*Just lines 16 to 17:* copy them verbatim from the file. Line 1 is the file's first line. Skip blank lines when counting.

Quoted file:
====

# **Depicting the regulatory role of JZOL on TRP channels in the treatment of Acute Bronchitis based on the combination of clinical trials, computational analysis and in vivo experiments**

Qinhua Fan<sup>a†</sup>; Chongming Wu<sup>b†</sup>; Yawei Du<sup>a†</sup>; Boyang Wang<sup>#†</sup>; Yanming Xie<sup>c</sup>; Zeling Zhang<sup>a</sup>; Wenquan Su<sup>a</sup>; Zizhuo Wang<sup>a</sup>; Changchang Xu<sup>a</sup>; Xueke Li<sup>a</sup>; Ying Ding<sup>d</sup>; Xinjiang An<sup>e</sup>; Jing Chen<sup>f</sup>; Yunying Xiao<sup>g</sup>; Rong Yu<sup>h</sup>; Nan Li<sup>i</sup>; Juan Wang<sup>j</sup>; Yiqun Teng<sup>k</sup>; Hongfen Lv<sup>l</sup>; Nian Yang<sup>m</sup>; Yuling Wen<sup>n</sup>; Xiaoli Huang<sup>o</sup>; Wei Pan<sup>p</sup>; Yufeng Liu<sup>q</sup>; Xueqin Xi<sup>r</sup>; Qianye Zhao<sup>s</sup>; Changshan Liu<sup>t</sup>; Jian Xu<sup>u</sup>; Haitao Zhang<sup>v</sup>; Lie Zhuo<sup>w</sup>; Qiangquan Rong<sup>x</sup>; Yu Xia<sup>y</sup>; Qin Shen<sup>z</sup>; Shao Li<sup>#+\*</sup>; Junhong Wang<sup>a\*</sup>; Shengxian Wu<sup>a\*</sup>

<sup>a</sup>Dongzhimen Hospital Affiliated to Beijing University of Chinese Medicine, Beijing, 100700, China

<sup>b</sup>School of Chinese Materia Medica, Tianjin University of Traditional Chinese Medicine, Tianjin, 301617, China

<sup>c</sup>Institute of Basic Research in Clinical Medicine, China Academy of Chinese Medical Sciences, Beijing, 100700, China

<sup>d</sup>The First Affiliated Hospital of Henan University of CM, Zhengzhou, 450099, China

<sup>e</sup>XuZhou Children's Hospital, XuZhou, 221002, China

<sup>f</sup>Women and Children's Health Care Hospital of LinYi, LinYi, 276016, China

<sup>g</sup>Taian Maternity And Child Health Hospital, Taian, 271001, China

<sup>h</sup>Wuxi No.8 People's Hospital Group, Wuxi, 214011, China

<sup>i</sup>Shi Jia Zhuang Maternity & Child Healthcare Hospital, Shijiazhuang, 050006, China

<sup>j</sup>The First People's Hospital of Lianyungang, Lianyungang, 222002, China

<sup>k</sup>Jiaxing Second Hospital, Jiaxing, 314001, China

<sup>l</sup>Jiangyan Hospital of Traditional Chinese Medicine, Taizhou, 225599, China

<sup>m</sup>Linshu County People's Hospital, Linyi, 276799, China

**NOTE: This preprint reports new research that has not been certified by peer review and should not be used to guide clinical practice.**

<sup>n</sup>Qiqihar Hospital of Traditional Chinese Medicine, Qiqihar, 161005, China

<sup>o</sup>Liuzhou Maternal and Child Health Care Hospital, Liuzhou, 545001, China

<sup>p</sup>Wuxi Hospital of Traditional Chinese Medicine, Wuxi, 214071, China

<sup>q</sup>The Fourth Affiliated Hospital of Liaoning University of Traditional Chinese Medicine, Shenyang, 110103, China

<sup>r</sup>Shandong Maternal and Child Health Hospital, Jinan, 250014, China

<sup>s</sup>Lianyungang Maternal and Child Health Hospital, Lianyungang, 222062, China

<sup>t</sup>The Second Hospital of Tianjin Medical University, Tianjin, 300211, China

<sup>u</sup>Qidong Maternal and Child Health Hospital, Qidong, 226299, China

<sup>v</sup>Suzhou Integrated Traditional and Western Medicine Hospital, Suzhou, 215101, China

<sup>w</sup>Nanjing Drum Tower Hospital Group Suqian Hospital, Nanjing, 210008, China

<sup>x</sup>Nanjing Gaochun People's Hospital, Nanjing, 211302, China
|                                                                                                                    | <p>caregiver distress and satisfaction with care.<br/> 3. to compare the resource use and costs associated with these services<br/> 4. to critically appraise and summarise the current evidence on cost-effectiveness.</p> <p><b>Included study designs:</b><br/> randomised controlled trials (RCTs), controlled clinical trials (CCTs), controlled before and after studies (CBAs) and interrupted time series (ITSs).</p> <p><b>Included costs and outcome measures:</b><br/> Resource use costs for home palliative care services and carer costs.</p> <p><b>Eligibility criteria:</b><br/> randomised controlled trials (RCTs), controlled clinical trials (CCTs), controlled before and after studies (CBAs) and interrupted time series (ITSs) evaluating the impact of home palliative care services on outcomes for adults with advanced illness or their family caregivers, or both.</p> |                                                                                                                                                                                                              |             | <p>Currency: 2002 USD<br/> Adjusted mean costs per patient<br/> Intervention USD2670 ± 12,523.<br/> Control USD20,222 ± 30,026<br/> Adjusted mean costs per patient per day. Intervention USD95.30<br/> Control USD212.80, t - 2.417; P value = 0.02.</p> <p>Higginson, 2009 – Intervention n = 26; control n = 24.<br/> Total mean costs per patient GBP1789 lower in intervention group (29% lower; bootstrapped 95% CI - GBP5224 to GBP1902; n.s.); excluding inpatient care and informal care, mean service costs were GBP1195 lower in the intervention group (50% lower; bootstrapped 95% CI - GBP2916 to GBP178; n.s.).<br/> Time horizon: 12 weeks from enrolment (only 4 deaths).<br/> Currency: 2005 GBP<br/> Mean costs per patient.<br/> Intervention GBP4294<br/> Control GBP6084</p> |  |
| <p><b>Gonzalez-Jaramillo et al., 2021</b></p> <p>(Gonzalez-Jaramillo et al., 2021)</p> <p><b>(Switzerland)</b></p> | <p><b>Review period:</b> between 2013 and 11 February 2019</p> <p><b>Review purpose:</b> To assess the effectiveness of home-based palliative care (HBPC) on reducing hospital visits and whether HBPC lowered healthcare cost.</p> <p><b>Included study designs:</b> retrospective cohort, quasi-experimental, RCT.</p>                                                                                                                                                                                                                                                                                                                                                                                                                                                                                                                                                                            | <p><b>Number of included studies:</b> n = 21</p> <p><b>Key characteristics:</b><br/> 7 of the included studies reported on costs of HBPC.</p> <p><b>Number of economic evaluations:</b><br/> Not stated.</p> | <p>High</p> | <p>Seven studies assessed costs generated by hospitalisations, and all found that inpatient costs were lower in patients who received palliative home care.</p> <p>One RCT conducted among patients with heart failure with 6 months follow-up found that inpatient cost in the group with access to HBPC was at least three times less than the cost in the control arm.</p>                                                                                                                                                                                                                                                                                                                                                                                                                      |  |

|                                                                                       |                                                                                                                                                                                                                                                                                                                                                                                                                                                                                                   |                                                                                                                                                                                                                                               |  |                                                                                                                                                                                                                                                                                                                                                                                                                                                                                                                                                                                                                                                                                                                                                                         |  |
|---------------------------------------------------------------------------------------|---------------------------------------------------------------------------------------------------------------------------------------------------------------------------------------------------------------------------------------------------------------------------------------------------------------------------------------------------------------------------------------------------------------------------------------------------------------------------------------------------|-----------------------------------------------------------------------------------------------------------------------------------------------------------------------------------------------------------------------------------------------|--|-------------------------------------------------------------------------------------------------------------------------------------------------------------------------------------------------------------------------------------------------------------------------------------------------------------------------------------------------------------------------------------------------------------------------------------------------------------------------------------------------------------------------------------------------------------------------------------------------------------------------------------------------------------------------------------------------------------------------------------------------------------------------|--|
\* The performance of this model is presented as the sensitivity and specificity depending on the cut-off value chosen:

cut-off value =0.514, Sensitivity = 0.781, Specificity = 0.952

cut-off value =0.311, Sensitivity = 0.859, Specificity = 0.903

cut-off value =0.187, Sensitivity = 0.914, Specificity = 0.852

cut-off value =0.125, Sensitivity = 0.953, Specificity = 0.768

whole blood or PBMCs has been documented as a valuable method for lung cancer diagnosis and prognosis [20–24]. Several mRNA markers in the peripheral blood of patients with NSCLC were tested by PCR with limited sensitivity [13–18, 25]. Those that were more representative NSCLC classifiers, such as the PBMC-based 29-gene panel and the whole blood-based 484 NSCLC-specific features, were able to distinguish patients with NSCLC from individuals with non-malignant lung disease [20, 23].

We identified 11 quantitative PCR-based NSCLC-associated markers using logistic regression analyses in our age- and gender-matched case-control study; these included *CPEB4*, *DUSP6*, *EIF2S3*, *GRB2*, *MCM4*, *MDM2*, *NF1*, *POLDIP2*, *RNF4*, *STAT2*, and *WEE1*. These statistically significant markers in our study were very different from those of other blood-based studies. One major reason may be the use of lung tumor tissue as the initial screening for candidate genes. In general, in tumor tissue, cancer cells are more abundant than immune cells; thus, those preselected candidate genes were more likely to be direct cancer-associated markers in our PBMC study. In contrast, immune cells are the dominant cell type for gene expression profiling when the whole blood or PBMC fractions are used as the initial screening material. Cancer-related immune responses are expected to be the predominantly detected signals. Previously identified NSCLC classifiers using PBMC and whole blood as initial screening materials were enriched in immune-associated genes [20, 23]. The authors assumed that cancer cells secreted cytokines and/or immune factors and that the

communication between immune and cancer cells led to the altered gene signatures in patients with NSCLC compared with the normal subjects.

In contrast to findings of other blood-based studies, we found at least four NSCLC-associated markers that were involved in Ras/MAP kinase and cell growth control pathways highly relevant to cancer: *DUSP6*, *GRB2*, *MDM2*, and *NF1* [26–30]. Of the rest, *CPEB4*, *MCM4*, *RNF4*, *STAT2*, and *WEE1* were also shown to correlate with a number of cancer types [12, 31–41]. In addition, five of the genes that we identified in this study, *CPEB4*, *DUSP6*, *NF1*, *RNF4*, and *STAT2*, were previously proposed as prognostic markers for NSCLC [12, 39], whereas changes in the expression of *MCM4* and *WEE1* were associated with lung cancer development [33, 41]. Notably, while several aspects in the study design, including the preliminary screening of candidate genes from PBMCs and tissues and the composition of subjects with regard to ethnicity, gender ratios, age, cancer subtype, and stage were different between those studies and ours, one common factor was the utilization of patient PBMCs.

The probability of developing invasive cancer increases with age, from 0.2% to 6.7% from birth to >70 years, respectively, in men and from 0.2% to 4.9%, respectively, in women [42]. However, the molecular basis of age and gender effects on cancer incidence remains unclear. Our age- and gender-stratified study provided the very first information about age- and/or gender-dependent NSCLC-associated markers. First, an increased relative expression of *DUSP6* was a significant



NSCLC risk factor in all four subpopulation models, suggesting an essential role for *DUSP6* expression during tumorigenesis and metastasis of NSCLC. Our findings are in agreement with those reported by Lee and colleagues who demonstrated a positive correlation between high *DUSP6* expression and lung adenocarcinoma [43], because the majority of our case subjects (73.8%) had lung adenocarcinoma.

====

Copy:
**NOTE: This preprint reports new research that has not been certified by peer review and should not be used to guide clinical practice.**

<sup>n</sup>Qiqihar Hospital of Traditional Chinese Medicine, Qiqihar, 161005, China